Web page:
10.2 String Methods for Pat tem Matching

10.3 The RegExp Object

11.1 JavaScript Subsets

11.2 Constants and Scoped Van i ables

11.3De structuring Assignment

11.4 Iteration

11.5 Shorthand Functions

11.6 Multiple Catch Clauses

11.7E4X:ECMA Seri pt for XML


12.2 Asynchronous I/O with Node

13.1Clent-Side JavaScript

13.2 Embedding JavaScript in HTML

13.3 Execution of Java Scrip r Programs

13.4Compatbity and Inter opera bily

13.5 Accessibility

13.6 Security

13.7 Client-Side Frameworks

14.1 Timers

14.2 Browser Location and Navigation

14.3 Browsing History

14.4 Browser and Screen Information

14.5 Dialog Boxes

14.6 Error Handing

14.7 Document Elements As Window Properties

14.8 Multiple Windows and Frames

15.1 Overview of the DOM

15.2 Selecting Document Elements

15.3 Document Structure and Traversal

15.4 Attributes

15.5 Element Content

15.6 Creating, Inserting, and Deleting Nodes

15.7 Example:Generating a TableofContents

15.8 Document and Element Geometry and Scrolling

15.9HTML Forms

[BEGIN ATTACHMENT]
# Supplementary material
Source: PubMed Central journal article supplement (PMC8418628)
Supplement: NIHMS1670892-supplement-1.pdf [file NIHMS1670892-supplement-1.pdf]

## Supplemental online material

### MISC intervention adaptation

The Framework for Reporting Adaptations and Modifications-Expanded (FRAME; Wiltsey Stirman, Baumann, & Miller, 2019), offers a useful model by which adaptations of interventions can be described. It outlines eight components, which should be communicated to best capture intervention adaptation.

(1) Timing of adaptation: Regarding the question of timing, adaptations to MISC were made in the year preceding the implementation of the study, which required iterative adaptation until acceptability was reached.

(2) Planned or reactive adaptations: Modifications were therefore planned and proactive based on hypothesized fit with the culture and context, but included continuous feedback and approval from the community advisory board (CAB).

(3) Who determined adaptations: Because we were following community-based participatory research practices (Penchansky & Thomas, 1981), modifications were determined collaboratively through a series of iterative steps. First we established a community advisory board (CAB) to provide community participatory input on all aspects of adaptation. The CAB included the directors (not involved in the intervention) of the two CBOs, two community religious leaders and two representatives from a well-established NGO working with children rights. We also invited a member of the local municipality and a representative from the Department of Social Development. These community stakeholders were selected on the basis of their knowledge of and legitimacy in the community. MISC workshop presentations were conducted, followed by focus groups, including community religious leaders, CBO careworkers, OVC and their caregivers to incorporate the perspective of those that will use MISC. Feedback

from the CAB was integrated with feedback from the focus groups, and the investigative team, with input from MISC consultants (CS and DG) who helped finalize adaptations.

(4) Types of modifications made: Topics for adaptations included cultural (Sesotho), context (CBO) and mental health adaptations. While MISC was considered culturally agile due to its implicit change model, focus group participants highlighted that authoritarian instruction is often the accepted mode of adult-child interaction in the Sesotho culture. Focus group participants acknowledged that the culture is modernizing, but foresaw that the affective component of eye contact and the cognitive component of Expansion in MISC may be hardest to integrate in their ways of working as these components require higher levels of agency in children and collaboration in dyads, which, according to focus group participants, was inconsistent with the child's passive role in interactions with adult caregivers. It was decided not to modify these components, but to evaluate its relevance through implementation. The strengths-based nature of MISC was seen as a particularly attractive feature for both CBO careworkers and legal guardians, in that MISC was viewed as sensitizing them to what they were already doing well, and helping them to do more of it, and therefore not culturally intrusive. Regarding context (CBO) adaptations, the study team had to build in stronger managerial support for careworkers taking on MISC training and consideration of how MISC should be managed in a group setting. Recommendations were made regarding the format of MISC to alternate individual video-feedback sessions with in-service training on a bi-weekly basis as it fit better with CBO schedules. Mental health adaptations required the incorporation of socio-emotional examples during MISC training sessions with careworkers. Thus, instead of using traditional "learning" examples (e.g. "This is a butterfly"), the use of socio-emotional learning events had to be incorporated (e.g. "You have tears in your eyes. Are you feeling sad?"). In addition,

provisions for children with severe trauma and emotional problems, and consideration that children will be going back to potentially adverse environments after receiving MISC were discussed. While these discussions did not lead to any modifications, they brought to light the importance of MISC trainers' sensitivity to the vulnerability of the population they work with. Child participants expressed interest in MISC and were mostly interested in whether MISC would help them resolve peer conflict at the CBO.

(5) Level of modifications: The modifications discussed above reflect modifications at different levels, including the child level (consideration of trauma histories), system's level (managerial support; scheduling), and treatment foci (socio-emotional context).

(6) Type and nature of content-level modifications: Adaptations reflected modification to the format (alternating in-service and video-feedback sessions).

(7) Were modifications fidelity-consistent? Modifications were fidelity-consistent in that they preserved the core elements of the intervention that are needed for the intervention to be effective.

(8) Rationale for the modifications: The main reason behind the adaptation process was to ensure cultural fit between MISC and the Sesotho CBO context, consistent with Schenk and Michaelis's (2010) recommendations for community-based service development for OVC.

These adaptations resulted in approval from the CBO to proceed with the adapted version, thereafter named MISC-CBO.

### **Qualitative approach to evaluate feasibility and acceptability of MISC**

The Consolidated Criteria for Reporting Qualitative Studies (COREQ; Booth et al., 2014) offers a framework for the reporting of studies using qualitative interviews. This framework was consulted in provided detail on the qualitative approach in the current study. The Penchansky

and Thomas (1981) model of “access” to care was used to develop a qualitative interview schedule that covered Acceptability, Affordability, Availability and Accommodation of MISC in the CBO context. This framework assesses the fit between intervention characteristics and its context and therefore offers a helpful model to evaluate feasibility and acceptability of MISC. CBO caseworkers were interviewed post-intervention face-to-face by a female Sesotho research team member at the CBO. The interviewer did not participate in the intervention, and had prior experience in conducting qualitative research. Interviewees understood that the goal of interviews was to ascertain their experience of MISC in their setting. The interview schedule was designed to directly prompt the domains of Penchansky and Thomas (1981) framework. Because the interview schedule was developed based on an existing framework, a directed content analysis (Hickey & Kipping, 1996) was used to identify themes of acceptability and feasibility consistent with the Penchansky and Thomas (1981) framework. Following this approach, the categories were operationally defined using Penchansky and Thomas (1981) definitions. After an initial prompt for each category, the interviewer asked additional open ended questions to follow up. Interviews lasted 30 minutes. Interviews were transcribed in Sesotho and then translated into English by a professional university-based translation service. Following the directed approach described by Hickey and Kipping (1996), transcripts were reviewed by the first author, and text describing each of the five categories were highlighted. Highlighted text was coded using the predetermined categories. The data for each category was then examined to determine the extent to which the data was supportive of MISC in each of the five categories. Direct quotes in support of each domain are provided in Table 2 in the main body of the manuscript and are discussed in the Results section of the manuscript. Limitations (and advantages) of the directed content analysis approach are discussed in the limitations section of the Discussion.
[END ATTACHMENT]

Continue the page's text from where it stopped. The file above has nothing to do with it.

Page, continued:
15.10 Other Document Features

16.1 Overview of CSS

16.2 Important CSS Properties

16.3Scnpting Inline Styles

16.4 Querying Computed Styles

16.5 Scripting CSS Classes

16.6Scnpting Stylesheets

17.1 Types of Events

10.Pattern Matching with Regular Expressions.

11.JavaScript Subsets and Extensions..

12.Server-Side JavaScript..

Part II.Client-Side JavaScript

13.JavaScript in Web Browsers.

14.The Window Object..

15.Scripting Documents.....

16.Scripting CSS..

17.Handing Event..

17.2 Registering Event Handlers

173 EventHandler Invocation

17.4 Document Load Events

17.5 Mouse Events

17.6 Mousewheel Events

17.7Drag and Drop Events

17.8 Text Events

17.9 Keyboard Events

181UngXMLHep Request